I Was a Teenage Vampire
Vampires have always been immortal but why is it that they keep getting younger – and hotter?
Think about it. The movie’s first notable bloodsucker was Max Schreck as Count Orlock in the German silent classic Nosferatu (1922). Coincidentally, Schreck is the German word for “terror”, but it was the actor’s real name. He was in his early 40s at the time, but the bald, bone-thin, rodent-like Orlock could easily have been in his 60s. I don’t think I’m alone in rating Orlock a real ugly bug.
Next up was the authentic Transylvanian Bela Lugosi in Tod Browning’s Dracula (1930). Lugosi was 48, and his Count was a mature, debonair aristocrat in a tuxedo and a cape. Lugosi was a ham with an accent as thick as his eyebrows, almost a caricature of the continental smoothie.
While Lugosi played vampires off and on for the rest of his life, surprisingly, there wasn’t another major mainstream movie version of Bram Stoker’s novel until the UK’s Hammer Films revived the property in 1958. Christopher Lee was 36 when he first played the Count, and in his mid-40s when he reluctantly repeated the role in half a dozen sequels, notably in 1965’s Dracula: Prince Of Darkness.
Between them, Lee, Lugosi and Schreck pretty much sealed the image of what a vampire was supposed to look like. Tall (6’5), wearing his dark hair greased back like Lugosi, rarely speaking, Lee was another upper class bloodsucker seemingly able to hypnotize his victims. All three men preyed on the wives and daughters of local peasants through an uncanny sense of entitlement – as if rape and murder was just another plank in the feudal system (which in many cases it was).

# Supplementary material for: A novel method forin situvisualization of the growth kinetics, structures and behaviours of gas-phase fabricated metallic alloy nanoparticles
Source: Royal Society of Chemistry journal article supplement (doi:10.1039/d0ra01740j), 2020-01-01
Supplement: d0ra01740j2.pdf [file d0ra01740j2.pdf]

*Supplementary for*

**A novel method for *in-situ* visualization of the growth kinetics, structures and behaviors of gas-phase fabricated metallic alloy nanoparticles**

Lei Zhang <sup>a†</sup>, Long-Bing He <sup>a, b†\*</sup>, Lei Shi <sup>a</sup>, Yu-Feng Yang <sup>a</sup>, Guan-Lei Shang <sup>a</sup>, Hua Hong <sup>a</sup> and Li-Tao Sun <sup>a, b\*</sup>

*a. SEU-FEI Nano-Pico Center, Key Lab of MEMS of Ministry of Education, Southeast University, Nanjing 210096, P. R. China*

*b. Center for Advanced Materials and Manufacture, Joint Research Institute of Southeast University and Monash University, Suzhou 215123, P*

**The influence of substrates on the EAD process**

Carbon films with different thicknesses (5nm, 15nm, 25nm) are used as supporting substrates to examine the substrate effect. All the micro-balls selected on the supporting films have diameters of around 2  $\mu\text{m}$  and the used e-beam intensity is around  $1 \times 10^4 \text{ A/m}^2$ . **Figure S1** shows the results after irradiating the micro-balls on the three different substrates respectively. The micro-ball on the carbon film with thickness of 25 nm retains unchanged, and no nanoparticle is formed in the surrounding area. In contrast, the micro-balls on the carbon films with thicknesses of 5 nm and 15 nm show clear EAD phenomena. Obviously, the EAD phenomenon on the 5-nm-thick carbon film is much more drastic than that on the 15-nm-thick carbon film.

Was Christopher Lee a sex symbol? Certainly the Hammer films played him up as a gothic romantic playboy, Rochester with fangs. And as the series went on into the 1970s the vampires’ carnal appetites seemed to have less to do with sustenance and more to do with plunging necklines (see also Ingrid Pitt in The Vampire Lovers and Countess Dracula).
Lee made a couple of contemporary vampire movies, but his Old World Dracula looked like an anachronism, better suited to tongue in cheek horror comedies like Fright Night and Love At First Bite than to anything really scary. No, the key to the vampires’ booming popularity in the late twentieth and early twenty-first centuries lay in radical rebranding and rejuvenation.
Two 1987 movies revamped the genre forever. In Near Dark – directed by The Hurt Locker’s Kathryn Bigelow – and Joel Schumacher’s The Lost Boys, studly bloodsuckers like Adrian Pasdar, Jason Patric, Kiefer Sutherland and Corey Haim may have been kicking around for centuries but they’re forever young.
Neither was a huge hit at the time, but they reset the ground rules in a way that clearly influenced everything from Twilight to Buffy the Vampire Slayer, The Vampire Diaries and True Blood. Both movies imagined vampire gangs, no longer European but 100 percent American, misunderstood misfits doing their thing to survive in a dog-eat-dog world. The tag-line for The Lost Boys summed up the appeal very succinctly: “Sleep all day. Party all night. Never grow old. Never die. It’s fun to be a vampire.”
What teenager couldn’t relate to a pitch like that? Today vampire movies don’t necessarily endorse that kind of hedonism, but they do pay more than lip service to the idea that the undead are somehow sexier than their mortal counterparts. Just check out our hot list and, uh, hold the garlic…
The Hottest Vampires You’d Hope to Bump into on a Dark Night
Titles related to this article